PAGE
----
Note: The below article has been reposted with permission from the US Postal Service Office of Inspector General’s ‘Pushing the Envelope’ weekly blog
In the battleground that is last-mile delivery, groceries are the soup du jour. Major players and smaller upstarts are jumping in to test grocery delivery to the consumer’s doorstep. The competition should benefit consumers, if not their waistlines.
One reason for the interest in grocery delivery is that online grocery shopping is poised for tremendous growth over the next few years, analysts predict. Online grocery sales are expected to go from US$23bn in 2014 to US$100bn by 2019 (moving from 3.5% to 12%, respectively, of total grocery spending), according to Packaged Facts.
No wonder major players are interested. Walmart recently said it will test a grocery delivery service with Uber Technologies and Lyft, in what many analysts see as part of the retailer’s growing efforts to compete with Amazon.
During the pilot program, a shopper can place a grocery order online and then Walmart employees will select the merchandise and package the order, the Wall Street Journal reported. Walmart will then hail an Uber or Lyft driver to pick up and deliver the order. The service will cost US$7 to US$10, paid to Walmart, not the drivers.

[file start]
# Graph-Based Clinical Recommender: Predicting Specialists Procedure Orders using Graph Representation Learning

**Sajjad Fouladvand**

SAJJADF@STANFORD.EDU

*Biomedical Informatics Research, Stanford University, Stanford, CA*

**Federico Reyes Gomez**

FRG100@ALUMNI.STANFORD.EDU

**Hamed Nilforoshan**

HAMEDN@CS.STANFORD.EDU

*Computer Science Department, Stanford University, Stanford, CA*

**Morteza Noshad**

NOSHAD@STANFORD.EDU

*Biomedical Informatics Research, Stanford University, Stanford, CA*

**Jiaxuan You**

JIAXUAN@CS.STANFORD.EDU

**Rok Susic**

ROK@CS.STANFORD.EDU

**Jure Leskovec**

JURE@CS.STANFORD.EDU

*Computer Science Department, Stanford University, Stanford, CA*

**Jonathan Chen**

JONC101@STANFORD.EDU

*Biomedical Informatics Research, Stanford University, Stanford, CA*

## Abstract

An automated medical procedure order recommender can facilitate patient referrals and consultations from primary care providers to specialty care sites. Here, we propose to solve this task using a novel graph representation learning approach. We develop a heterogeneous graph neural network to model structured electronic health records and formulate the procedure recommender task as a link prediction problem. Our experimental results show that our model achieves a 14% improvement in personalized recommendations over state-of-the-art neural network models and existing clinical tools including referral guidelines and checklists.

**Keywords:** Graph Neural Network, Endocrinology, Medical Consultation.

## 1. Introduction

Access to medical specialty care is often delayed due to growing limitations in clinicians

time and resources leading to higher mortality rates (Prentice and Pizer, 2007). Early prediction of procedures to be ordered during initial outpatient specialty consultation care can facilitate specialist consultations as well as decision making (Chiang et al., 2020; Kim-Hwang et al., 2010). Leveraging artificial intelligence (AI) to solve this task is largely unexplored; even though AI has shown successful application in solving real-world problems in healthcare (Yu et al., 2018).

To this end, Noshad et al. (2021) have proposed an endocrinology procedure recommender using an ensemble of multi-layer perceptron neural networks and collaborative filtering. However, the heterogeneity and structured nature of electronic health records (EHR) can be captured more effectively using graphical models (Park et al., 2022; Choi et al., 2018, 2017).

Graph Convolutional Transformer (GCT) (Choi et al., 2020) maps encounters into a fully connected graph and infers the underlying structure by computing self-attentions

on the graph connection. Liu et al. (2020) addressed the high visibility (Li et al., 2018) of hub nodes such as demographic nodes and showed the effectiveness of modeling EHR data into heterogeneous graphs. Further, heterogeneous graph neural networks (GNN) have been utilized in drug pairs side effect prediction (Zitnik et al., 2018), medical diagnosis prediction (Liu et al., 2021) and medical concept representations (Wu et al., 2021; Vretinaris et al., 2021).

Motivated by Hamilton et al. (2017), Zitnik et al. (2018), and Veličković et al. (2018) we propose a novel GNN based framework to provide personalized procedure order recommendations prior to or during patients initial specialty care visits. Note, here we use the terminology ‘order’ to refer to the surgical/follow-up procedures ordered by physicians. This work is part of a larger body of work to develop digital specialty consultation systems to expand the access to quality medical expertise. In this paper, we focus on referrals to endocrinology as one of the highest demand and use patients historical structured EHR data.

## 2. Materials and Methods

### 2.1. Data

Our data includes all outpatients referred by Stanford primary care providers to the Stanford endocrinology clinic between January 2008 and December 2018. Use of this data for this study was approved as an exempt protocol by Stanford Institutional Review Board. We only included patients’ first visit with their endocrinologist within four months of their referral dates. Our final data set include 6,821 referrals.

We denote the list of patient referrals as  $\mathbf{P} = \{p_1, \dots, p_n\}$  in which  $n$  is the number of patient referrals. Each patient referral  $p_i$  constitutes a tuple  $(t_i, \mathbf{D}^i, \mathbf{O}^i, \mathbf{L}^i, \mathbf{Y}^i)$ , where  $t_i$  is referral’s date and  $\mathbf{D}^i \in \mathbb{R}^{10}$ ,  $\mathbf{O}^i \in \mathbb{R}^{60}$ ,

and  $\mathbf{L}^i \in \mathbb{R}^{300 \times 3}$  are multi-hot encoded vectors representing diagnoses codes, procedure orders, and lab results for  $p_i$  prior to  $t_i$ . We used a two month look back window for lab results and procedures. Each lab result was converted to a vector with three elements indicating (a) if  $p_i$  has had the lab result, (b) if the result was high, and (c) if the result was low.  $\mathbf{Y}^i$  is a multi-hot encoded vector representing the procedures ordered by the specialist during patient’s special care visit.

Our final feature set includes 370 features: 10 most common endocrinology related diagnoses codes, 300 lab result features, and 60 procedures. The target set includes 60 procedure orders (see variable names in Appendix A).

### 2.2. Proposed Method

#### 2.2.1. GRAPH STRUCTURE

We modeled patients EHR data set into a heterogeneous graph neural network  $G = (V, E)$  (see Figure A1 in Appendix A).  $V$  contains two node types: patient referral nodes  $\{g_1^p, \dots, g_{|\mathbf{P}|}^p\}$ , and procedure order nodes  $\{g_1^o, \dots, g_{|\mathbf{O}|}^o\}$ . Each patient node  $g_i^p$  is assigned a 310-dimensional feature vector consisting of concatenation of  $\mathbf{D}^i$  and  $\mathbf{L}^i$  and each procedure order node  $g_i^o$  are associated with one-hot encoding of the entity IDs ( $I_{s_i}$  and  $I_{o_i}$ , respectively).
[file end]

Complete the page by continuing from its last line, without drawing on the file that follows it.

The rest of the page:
Amazon was an early player in the grocery delivery market, launching AmazonFresh nearly a decade ago. Two years ago, the company tapped into the US Postal Service’s market test of its Customized Delivery service to deliver first in San Francisco and then in New York City. Postal officials map out the day’s deliveries and then city carrier assistants load the trucks and deliver the totes of food between 3:00am and 7:00am, leaving them at front doors.
Other well-established players in the market include Peapod, Instacart and Fresh Direct, which work with many of the big name grocery stores.
So what’s next? Delivery to your refrigerator? It’s actually closer than you think. In Sweden, logistics company PostNord has teamed up with a smart-home startup called Glue, and ICA, Sweden’s largest grocery chain, for a pilot project that takes grocery shopping into the future. With a digital lock installed on the door, the customer can hand the digital keys to PostNord carriers to let themselves in and unpack the groceries. (Once we’ve nailed down the robot chef thing, we’ll never have to leave the table.)
The million-dollar question, of course, is just how much consumers are willing to pay for the convenience of home delivery of groceries. The margins on grocery delivery are reportedly quite thin. If they get even smaller, can all the current players survive?
To read more from the US Postal Service Office of Inspector General’s ‘Pushing the Envelope’ weekly blog, click here.
June 29, 2016